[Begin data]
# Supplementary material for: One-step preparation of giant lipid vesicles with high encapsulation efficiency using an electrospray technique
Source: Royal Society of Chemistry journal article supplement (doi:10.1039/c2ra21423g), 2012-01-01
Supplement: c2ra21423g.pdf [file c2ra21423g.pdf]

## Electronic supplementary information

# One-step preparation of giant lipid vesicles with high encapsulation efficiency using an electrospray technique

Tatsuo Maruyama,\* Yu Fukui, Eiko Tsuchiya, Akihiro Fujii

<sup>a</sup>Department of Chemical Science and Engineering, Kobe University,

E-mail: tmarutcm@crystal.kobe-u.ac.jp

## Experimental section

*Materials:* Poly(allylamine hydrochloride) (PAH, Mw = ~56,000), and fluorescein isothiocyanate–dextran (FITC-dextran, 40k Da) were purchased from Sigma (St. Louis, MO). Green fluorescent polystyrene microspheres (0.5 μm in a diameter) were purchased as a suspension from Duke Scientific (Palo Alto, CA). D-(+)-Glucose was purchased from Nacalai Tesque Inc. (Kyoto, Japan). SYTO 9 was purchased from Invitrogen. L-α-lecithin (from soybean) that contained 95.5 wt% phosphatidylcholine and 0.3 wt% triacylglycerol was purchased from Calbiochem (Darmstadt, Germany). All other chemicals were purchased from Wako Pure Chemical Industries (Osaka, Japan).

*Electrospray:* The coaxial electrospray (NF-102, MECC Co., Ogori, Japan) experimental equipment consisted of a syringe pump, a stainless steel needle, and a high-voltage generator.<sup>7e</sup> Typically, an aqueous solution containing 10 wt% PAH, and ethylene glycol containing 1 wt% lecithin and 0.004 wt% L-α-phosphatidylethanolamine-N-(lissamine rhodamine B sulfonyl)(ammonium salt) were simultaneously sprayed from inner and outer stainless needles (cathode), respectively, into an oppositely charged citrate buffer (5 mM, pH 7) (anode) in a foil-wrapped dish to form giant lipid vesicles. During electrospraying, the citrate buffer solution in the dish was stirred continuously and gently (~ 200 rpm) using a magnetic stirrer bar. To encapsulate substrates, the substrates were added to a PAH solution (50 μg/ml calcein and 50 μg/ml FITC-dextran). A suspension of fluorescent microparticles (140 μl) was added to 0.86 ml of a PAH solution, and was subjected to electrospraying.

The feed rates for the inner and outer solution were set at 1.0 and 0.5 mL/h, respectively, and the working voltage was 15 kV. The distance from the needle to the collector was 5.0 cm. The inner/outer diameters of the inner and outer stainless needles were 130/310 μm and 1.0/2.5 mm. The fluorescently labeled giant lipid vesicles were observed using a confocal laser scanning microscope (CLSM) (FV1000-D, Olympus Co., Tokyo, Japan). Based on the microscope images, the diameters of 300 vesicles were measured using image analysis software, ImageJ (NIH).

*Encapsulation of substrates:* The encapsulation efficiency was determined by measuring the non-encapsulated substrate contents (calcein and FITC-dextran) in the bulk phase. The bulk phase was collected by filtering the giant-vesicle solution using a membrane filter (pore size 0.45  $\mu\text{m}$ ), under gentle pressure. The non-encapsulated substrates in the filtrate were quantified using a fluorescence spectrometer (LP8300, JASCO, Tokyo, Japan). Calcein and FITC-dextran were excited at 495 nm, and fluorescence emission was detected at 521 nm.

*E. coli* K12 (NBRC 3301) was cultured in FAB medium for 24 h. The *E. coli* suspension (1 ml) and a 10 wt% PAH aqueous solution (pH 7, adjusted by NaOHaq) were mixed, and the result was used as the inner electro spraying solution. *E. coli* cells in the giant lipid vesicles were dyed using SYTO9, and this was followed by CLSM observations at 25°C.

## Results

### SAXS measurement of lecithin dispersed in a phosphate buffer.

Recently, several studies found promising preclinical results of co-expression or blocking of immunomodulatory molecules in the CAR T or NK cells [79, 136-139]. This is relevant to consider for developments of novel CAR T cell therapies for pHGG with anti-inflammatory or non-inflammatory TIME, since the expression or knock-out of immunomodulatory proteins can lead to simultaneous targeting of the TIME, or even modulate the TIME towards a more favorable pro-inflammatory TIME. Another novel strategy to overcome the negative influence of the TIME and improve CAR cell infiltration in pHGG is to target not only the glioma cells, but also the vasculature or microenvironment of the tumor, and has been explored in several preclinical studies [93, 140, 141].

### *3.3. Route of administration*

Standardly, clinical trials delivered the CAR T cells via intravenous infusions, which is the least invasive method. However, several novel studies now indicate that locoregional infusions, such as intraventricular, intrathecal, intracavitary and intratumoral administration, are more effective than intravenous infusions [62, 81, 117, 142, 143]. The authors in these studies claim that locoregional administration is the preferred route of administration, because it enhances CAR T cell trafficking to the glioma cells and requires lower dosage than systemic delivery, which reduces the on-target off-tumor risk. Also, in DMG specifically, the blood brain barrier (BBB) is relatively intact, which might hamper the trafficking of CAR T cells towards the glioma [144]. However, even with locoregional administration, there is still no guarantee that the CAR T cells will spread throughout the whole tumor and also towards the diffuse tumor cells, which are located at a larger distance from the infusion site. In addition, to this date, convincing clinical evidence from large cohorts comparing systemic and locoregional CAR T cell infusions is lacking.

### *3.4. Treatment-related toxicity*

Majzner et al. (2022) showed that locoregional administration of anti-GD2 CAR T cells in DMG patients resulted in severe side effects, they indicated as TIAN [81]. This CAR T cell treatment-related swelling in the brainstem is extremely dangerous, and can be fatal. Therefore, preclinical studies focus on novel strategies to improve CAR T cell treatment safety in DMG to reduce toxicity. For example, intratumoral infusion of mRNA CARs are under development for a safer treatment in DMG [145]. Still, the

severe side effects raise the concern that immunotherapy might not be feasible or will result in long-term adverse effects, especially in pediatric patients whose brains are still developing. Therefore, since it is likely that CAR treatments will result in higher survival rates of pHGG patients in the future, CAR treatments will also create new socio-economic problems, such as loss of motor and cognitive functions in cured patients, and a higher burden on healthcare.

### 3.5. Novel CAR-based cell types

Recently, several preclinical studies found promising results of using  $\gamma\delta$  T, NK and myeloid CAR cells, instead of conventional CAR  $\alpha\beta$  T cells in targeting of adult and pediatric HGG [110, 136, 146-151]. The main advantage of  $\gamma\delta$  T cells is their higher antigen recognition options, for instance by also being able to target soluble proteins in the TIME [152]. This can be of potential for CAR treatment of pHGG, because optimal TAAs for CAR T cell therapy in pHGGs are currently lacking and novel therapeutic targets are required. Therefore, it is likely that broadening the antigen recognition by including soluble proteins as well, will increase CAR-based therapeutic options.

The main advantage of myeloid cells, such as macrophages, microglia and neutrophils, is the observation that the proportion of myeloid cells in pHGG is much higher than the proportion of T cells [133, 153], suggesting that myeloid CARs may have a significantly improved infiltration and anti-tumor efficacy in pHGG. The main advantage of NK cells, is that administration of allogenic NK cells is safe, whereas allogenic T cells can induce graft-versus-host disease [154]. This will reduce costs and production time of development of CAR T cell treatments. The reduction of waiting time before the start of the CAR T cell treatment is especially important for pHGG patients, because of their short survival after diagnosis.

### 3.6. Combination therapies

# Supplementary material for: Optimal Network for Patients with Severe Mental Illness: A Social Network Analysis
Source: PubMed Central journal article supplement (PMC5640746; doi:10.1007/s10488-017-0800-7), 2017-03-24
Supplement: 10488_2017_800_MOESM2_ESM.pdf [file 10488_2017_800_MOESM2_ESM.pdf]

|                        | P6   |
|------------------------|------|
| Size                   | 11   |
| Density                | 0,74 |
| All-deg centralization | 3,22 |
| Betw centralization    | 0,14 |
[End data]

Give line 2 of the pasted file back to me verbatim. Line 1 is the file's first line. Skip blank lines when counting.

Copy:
Source: Royal Society of Chemistry journal article supplement (doi:10.1039/c2ra21423g), 2012-01-01